CORONAVIRUS And Its Impact on Contracts



As the COVID-19 also known as Coronavirus is on rise and its impact is not limited to human lives but also to operation of business eventually affecting the economy. The stock valuations are going down and various supply chain disruption, performances under various contracts are in question. In such a scenario, force majeure clause and Material Adverse Change (MAC) clause may come to help the parties to a contract.

Material Adverse Change (MAC) Clause

  • In an M&A transactions the time between signing of the agreement and closure of the transaction is very crucial. It is when the MAC clause comes into operation.  MAC clause confers the parties to a contract with a right to terminate the contract upon occurrence of any event which affects materially on the viability of the transaction.
  • But on the other hand to agree upon the materiality of an event by both parties of a contract is not easy because the seller keep the scope of materiality in a narrow way but on the other side the buyer prefer to keep it open and as board as may be possible so that it would be easy for them to walk out of the transaction.
  • The Indian laws do not define any systematic guidelines for determining the materiality of the events and provide that any event which will restrict or make it impossible for any reasonable party to enter into such contracts will be a material adverse change.

Regulation 23(1)(c) of the SEBI (Substantial Acquisition of Shares and Takeovers) Regulations, prescribes that “any open offer can be withdrawn in circumstances where any condition stipulated in the agreement for acquisition attracting the obligation to make the open offer is not met for reasons outside the reasonable control of the acquirer, and such agreement is rescinded, subject to such conditions having been specifically disclosed in the detailed public statement and the letter of offer”, which means that parties can withdraw themselves from the obligations under the contract if it becomes impossible to meet the conditions for reasons which are beyond the reasonable control of the parties.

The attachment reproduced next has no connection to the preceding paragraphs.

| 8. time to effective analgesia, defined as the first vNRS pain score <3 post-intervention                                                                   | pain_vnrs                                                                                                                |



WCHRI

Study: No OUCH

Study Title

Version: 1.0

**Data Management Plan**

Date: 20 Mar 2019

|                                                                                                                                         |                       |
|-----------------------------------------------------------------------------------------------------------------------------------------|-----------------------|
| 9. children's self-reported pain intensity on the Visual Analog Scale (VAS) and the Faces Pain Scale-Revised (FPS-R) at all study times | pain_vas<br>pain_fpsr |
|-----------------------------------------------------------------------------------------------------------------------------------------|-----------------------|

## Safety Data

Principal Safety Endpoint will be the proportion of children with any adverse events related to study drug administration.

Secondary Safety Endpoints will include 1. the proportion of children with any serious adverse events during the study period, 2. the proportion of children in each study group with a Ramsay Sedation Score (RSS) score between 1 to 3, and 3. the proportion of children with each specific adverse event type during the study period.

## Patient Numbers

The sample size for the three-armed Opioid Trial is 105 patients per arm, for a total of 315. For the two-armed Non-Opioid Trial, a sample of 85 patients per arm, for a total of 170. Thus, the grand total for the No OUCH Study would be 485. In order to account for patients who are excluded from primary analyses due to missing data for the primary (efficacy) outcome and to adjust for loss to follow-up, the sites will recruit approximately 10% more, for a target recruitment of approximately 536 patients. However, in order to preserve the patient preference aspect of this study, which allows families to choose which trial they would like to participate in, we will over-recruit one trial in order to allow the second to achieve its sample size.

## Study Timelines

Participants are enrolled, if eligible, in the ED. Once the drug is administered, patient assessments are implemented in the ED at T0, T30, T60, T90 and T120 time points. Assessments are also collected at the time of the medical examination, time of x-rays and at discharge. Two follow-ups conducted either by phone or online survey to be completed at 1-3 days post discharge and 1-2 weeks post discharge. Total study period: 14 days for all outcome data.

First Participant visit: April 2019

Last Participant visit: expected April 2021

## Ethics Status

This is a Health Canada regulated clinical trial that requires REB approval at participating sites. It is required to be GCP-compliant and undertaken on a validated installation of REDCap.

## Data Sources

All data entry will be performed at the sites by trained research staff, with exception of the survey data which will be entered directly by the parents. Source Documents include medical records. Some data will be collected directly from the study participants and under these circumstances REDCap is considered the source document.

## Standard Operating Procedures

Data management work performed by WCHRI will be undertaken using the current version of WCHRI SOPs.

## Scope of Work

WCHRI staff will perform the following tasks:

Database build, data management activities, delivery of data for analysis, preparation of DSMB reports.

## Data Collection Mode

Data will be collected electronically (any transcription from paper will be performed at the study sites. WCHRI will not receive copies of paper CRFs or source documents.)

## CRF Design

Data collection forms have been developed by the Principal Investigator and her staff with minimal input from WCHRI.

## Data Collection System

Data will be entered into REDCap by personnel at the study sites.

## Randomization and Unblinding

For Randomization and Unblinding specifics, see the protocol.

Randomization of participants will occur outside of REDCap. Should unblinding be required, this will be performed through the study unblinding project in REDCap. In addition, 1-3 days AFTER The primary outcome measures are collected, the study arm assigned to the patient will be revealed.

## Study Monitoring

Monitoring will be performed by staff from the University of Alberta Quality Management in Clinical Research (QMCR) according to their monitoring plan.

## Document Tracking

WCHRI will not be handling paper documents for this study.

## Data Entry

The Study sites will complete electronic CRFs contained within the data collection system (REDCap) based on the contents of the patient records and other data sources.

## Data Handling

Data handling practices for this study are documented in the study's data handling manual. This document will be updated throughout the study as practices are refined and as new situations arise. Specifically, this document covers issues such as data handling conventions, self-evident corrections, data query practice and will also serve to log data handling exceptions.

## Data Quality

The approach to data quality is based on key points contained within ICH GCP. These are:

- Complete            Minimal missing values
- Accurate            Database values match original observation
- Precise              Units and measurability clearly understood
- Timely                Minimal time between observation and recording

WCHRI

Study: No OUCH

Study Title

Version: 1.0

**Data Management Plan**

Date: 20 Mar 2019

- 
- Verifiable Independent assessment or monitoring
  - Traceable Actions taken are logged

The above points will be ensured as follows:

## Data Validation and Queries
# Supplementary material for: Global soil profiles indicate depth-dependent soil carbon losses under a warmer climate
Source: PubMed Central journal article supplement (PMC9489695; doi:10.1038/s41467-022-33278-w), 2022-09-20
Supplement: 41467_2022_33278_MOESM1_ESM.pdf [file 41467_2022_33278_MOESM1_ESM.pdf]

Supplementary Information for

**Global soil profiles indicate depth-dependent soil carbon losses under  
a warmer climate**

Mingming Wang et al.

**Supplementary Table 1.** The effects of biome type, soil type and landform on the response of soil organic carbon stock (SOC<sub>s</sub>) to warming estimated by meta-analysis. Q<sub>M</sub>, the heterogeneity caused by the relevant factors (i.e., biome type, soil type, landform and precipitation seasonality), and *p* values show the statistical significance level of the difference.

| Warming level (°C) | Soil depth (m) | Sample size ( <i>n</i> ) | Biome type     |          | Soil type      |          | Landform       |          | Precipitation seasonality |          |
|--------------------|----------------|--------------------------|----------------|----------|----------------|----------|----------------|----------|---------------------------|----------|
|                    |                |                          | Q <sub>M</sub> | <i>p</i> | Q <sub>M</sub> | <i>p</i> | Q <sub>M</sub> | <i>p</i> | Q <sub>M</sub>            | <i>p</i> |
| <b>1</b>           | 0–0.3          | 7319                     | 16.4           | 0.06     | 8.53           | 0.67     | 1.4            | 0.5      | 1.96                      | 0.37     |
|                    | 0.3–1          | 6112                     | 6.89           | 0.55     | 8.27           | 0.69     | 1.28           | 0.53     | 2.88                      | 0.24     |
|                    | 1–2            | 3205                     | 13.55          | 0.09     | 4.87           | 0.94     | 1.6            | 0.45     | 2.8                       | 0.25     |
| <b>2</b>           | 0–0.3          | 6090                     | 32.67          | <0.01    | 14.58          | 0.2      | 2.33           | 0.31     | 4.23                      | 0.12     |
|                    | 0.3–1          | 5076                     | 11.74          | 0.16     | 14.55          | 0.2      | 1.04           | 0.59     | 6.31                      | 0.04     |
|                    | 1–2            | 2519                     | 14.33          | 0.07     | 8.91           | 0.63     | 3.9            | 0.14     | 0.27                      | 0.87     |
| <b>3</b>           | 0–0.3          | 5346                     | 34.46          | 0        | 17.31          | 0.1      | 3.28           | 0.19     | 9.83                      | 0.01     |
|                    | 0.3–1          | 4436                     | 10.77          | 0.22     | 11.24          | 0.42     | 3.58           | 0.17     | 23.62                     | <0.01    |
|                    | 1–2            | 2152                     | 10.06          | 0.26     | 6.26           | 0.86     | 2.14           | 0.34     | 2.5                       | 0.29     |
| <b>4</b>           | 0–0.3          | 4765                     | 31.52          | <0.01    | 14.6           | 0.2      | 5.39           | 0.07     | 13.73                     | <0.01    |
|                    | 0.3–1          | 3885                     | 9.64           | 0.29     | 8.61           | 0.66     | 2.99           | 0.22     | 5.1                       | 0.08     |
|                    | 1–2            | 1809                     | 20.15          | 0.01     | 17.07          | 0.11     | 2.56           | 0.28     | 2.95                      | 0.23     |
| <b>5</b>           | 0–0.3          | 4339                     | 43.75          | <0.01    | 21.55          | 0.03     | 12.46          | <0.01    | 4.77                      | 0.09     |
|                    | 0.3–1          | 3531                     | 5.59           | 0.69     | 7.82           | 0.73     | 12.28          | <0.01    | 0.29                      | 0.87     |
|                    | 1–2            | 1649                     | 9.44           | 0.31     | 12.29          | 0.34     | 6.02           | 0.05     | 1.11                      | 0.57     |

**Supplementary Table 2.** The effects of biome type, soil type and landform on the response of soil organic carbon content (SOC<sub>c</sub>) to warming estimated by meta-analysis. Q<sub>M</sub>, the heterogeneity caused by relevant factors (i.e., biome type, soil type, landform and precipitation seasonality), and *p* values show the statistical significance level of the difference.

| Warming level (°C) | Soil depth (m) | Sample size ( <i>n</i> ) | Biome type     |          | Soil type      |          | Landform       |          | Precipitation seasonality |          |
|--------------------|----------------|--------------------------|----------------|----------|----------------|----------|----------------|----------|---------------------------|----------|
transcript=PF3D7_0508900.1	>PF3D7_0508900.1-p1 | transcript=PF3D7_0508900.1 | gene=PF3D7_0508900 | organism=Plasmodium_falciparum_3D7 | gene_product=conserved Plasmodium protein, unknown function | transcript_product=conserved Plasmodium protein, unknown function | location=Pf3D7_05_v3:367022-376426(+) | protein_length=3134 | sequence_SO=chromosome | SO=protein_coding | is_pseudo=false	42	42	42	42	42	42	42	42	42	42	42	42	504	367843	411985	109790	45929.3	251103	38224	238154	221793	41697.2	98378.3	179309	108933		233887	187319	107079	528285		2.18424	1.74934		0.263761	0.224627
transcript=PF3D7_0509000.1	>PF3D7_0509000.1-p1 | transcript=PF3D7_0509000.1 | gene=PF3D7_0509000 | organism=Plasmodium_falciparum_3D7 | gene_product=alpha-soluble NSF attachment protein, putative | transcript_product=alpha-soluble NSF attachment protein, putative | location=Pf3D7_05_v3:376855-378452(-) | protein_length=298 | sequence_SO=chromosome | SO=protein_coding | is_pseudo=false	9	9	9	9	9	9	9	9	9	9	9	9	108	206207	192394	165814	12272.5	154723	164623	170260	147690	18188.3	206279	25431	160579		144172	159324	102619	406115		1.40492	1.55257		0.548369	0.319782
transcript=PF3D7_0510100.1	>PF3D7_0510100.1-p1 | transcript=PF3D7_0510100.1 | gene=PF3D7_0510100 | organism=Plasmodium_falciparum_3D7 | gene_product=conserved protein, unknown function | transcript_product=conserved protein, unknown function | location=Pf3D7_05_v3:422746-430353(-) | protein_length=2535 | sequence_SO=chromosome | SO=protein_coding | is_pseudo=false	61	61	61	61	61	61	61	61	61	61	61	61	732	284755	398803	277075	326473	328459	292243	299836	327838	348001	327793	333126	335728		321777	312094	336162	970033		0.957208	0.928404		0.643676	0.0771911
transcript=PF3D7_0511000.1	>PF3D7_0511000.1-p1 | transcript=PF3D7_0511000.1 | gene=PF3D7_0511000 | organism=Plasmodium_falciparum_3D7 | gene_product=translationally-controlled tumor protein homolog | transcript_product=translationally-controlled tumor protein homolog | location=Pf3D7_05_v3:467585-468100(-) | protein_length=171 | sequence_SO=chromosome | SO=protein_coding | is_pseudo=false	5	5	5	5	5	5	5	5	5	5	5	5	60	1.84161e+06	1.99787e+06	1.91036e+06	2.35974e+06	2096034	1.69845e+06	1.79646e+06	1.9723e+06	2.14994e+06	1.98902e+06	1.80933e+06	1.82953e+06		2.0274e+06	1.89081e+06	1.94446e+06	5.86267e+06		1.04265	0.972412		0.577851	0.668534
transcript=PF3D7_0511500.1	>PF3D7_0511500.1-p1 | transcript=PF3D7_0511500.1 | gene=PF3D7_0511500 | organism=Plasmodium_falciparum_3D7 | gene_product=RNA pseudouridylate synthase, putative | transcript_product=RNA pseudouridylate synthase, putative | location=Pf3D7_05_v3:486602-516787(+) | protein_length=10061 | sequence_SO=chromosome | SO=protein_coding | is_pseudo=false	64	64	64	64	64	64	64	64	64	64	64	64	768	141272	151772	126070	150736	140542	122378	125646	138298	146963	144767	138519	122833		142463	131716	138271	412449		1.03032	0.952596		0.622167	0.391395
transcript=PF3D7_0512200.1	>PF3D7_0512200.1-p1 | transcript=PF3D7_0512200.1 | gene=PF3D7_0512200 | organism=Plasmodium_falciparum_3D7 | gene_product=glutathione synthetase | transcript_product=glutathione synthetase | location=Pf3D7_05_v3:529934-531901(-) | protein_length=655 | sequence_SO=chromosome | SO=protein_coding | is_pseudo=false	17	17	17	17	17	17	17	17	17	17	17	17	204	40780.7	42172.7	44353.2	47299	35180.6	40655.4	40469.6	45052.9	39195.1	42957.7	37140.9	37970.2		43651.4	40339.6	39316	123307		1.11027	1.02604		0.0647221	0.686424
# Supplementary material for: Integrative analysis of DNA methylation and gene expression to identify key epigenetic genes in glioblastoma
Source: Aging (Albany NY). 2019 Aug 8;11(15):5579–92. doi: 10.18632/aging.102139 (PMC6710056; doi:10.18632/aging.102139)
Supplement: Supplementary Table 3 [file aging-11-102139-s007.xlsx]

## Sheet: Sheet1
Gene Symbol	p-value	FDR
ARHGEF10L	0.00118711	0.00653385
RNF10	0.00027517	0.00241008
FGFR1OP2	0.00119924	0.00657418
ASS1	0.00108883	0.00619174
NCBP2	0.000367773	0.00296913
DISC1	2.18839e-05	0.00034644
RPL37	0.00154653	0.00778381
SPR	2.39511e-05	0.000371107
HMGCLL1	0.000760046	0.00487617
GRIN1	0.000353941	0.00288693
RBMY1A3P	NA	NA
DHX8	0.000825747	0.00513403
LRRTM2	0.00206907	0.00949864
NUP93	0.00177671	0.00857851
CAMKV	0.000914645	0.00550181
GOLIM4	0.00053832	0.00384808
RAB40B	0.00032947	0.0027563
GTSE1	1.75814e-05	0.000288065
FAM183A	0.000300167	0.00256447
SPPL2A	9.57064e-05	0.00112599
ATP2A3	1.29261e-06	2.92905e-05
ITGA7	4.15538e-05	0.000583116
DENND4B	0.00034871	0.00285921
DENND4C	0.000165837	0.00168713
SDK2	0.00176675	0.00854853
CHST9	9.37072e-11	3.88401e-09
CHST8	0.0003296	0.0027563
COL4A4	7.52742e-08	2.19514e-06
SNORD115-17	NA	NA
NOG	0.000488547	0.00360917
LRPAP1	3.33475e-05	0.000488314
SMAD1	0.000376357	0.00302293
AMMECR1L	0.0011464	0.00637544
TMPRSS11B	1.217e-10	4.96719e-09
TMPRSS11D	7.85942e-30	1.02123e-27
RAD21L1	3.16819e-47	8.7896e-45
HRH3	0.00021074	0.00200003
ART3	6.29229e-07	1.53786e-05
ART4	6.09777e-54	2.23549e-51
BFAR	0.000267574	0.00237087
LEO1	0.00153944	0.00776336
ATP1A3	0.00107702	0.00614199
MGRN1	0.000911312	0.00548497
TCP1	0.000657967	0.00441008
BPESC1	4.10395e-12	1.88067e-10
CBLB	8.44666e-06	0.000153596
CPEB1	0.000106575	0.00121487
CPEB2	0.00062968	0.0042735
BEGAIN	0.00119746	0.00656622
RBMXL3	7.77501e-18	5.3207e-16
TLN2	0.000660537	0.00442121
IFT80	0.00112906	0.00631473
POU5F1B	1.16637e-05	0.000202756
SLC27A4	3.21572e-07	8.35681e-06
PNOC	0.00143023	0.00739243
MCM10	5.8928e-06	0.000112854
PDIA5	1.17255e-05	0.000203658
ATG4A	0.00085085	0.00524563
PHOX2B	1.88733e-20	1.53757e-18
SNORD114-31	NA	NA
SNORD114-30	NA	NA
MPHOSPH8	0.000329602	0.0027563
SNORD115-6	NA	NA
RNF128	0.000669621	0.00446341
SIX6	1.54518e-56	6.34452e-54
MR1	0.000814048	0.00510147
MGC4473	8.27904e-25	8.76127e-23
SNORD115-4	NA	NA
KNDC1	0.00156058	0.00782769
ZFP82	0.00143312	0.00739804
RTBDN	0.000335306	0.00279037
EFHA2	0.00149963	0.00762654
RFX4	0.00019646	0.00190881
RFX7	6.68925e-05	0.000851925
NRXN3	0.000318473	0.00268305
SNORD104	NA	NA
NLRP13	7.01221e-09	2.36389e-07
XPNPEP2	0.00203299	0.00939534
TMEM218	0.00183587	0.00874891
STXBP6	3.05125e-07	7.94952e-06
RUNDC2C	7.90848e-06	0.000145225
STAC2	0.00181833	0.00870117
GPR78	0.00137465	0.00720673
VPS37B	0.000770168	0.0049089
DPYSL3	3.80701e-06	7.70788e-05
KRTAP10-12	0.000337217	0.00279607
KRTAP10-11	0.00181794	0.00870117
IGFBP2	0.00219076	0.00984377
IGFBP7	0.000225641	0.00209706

Under Section 56 of the Indian Contract Act, 1872 which deals with the doctrine of frustration of contract states that any act which by reason of some event if occurs after the contract is made and such an event is something which the promisor could not prevent then such a contract becomes void due to coronavirus.

Therefore, the parties to a contract may resort to avoidance of performance of their contractual obligations by invoking MAC clause. But the party invoking this clause have a burden of proof that the pandemic COVID-19 has affected materially to the transaction. Also it is important to double check prior to invoking the MAC clause if any alternate means of performance of the contract is available.

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Force Majeure & CORONAVIRUS Impact

Force Majeure clause specifies the conditions or events which will excuse the performance of the contract whereas the MAC clause is vague and do not specify the triggering events. Also MAC clauses intend to allocate risk between the parties that may arise during the signing and closing of the transaction. Whereas force Majeure can be claimed at any time if a force majeure event arises.

So the question arises whether the pandemic COVID-19 will fall under the concept of force majeure? The Ministry of Finance has issued an office memorandum on February 19, 2020 which declares that COVID-19 can be treated as natural calamity and hence a force majeure. It can be invoked with due procedure. 

Force majeure means events which are beyond human control and hence extra ordinary. It is by and large believed that force majeure includes an act of god, natural disaster, war, labour unrest, epidemics and strikes, etc. It is an exception which may be claimed by the performing party to a contract.

In one of the leading case Energy Watchdog vs. Central Electricity Regulatory Commission & Others on April 11, 2017 the Supreme Court of India laid down following guidelines:

  1. If the events are beyond the reasonable control of the parties and in such conditions parties cannot be held liable for non- performance of obligations under the contract.
  2. Considering the analysis of force majeure clause it is also necessary to analyse if best endeavours have been taken to mitigate force majeure event.
  3. For an event to qualify as a force majeure, it is necessary that the same is unforeseeable by the parties.
  4. The event has actually rendered the performance impossible or illegal.

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